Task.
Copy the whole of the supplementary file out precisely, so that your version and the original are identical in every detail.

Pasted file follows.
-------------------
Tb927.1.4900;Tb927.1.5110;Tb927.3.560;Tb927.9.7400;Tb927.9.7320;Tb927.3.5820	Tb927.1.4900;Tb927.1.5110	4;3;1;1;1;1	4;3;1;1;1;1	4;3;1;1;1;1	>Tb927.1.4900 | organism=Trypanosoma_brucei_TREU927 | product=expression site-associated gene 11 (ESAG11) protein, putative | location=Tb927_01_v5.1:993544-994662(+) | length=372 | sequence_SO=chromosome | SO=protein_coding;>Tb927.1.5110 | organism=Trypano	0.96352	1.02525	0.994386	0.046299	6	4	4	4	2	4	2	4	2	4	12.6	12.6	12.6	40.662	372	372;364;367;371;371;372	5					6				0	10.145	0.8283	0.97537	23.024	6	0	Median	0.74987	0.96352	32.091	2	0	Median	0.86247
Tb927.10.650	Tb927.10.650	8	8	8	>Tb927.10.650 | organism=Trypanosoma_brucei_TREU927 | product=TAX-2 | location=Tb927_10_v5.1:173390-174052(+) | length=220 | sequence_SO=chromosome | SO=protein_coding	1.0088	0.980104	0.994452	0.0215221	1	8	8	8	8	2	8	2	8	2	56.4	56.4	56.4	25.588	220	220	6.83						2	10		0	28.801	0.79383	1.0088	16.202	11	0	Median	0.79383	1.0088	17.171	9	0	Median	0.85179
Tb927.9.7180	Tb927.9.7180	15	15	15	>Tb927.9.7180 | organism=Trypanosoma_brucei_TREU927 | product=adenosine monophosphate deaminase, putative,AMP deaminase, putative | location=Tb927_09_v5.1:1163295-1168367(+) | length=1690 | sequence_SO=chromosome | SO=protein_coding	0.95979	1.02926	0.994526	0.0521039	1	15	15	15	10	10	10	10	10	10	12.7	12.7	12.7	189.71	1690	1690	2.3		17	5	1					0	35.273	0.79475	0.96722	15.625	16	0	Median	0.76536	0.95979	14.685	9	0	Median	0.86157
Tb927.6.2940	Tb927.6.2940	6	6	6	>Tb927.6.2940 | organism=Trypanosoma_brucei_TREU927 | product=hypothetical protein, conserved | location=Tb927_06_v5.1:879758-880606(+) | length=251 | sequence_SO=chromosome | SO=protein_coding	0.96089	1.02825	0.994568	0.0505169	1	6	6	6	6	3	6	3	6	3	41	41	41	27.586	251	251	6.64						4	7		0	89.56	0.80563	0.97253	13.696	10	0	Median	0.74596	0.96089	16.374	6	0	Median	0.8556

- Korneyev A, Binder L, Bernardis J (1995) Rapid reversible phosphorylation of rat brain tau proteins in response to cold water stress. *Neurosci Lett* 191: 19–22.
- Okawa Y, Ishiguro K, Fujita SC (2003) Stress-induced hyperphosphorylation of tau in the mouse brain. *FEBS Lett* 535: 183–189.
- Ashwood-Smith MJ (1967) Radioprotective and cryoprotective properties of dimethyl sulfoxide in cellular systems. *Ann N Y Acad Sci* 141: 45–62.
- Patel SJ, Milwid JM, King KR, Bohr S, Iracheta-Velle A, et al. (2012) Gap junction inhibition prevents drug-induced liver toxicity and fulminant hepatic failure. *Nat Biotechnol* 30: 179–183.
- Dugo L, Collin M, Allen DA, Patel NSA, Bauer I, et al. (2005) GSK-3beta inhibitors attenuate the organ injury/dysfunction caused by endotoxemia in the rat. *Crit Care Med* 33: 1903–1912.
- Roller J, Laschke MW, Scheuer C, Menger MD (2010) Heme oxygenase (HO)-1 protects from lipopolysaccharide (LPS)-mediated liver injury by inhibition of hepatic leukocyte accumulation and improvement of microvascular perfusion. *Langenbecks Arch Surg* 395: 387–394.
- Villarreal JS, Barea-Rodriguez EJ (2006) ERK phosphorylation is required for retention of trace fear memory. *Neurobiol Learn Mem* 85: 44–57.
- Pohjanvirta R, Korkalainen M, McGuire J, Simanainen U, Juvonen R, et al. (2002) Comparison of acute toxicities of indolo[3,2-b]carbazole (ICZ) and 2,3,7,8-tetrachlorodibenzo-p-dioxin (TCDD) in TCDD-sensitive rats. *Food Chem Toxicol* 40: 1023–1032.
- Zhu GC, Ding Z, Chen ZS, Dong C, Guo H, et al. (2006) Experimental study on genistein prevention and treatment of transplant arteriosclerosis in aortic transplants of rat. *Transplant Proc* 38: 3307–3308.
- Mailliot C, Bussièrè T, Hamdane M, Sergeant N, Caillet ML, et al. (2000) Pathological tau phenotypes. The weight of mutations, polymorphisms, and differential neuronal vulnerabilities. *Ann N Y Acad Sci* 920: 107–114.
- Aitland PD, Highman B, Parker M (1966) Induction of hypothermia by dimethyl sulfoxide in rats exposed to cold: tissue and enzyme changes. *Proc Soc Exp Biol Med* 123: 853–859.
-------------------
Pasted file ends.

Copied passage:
Tb927.1.4900;Tb927.1.5110;Tb927.3.560;Tb927.9.7400;Tb927.9.7320;Tb927.3.5820	Tb927.1.4900;Tb927.1.5110	4;3;1;1;1;1	4;3;1;1;1;1	4;3;1;1;1;1	>Tb927.1.4900 | organism=Trypanosoma_brucei_TREU927 | product=expression site-associated gene 11 (ESAG11) protein, putative | location=Tb927_01_v5.1:993544-994662(+) | length=372 | sequence_SO=chromosome | SO=protein_coding;>Tb927.1.5110 | organism=Trypano	0.96352	1.02525	0.994386	0.046299	6	4	4	4	2	4	2	4	2	4	12.6	12.6	12.6	40.662	372	372;364;367;371;371;372	5					6				0	10.145	0.8283	0.97537	23.024	6	0	Median	0.74987	0.96352	32.091	2	0	Median	0.86247
Tb927.10.650	Tb927.10.650	8	8	8	>Tb927.10.650 | organism=Trypanosoma_brucei_TREU927 | product=TAX-2 | location=Tb927_10_v5.1:173390-174052(+) | length=220 | sequence_SO=chromosome | SO=protein_coding	1.0088	0.980104	0.994452	0.0215221	1	8	8	8	8	2	8	2	8	2	56.4	56.4	56.4	25.588	220	220	6.83						2	10		0	28.801	0.79383	1.0088	16.202	11	0	Median	0.79383	1.0088	17.171	9	0	Median	0.85179
Tb927.9.7180	Tb927.9.7180	15	15	15	>Tb927.9.7180 | organism=Trypanosoma_brucei_TREU927 | product=adenosine monophosphate deaminase, putative,AMP deaminase, putative | location=Tb927_09_v5.1:1163295-1168367(+) | length=1690 | sequence_SO=chromosome | SO=protein_coding	0.95979	1.02926	0.994526	0.0521039	1	15	15	15	10	10	10	10	10	10	12.7	12.7	12.7	189.71	1690	1690	2.3		17	5	1					0	35.273	0.79475	0.96722	15.625	16	0	Median	0.76536	0.95979	14.685	9	0	Median	0.86157
Tb927.6.2940	Tb927.6.2940	6	6	6	>Tb927.6.2940 | organism=Trypanosoma_brucei_TREU927 | product=hypothetical protein, conserved | location=Tb927_06_v5.1:879758-880606(+) | length=251 | sequence_SO=chromosome | SO=protein_coding	0.96089	1.02825	0.994568	0.0505169	1	6	6	6	6	3	6	3	6	3	41	41	41	27.586	251	251	6.64						4	7		0	89.56	0.80563	0.97253	13.696	10	0	Median	0.74596	0.96089	16.374	6	0	Median	0.8556

- Korneyev A, Binder L, Bernardis J (1995) Rapid reversible phosphorylation of rat brain tau proteins in response to cold water stress. *Neurosci Lett* 191: 19–22.
- Okawa Y, Ishiguro K, Fujita SC (2003) Stress-induced hyperphosphorylation of tau in the mouse brain. *FEBS Lett* 535: 183–189.
- Ashwood-Smith MJ (1967) Radioprotective and cryoprotective properties of dimethyl sulfoxide in cellular systems. *Ann N Y Acad Sci* 141: 45–62.
- Patel SJ, Milwid JM, King KR, Bohr S, Iracheta-Velle A, et al. (2012) Gap junction inhibition prevents drug-induced liver toxicity and fulminant hepatic failure. *Nat Biotechnol* 30: 179–183.
- Dugo L, Collin M, Allen DA, Patel NSA, Bauer I, et al. (2005) GSK-3beta inhibitors attenuate the organ injury/dysfunction caused by endotoxemia in the rat. *Crit Care Med* 33: 1903–1912.
- Roller J, Laschke MW, Scheuer C, Menger MD (2010) Heme oxygenase (HO)-1 protects from lipopolysaccharide (LPS)-mediated liver injury by inhibition of hepatic leukocyte accumulation and improvement of microvascular perfusion. *Langenbecks Arch Surg* 395: 387–394.
- Villarreal JS, Barea-Rodriguez EJ (2006) ERK phosphorylation is required for retention of trace fear memory. *Neurobiol Learn Mem* 85: 44–57.
- Pohjanvirta R, Korkalainen M, McGuire J, Simanainen U, Juvonen R, et al. (2002) Comparison of acute toxicities of indolo[3,2-b]carbazole (ICZ) and 2,3,7,8-tetrachlorodibenzo-p-dioxin (TCDD) in TCDD-sensitive rats. *Food Chem Toxicol* 40: 1023–1032.
- Zhu GC, Ding Z, Chen ZS, Dong C, Guo H, et al. (2006) Experimental study on genistein prevention and treatment of transplant arteriosclerosis in aortic transplants of rat. *Transplant Proc* 38: 3307–3308.
- Mailliot C, Bussièrè T, Hamdane M, Sergeant N, Caillet ML, et al. (2000) Pathological tau phenotypes. The weight of mutations, polymorphisms, and differential neuronal vulnerabilities. *Ann N Y Acad Sci* 920: 107–114.
- Aitland PD, Highman B, Parker M (1966) Induction of hypothermia by dimethyl sulfoxide in rats exposed to cold: tissue and enzyme changes. *Proc Soc Exp Biol Med* 123: 853–859.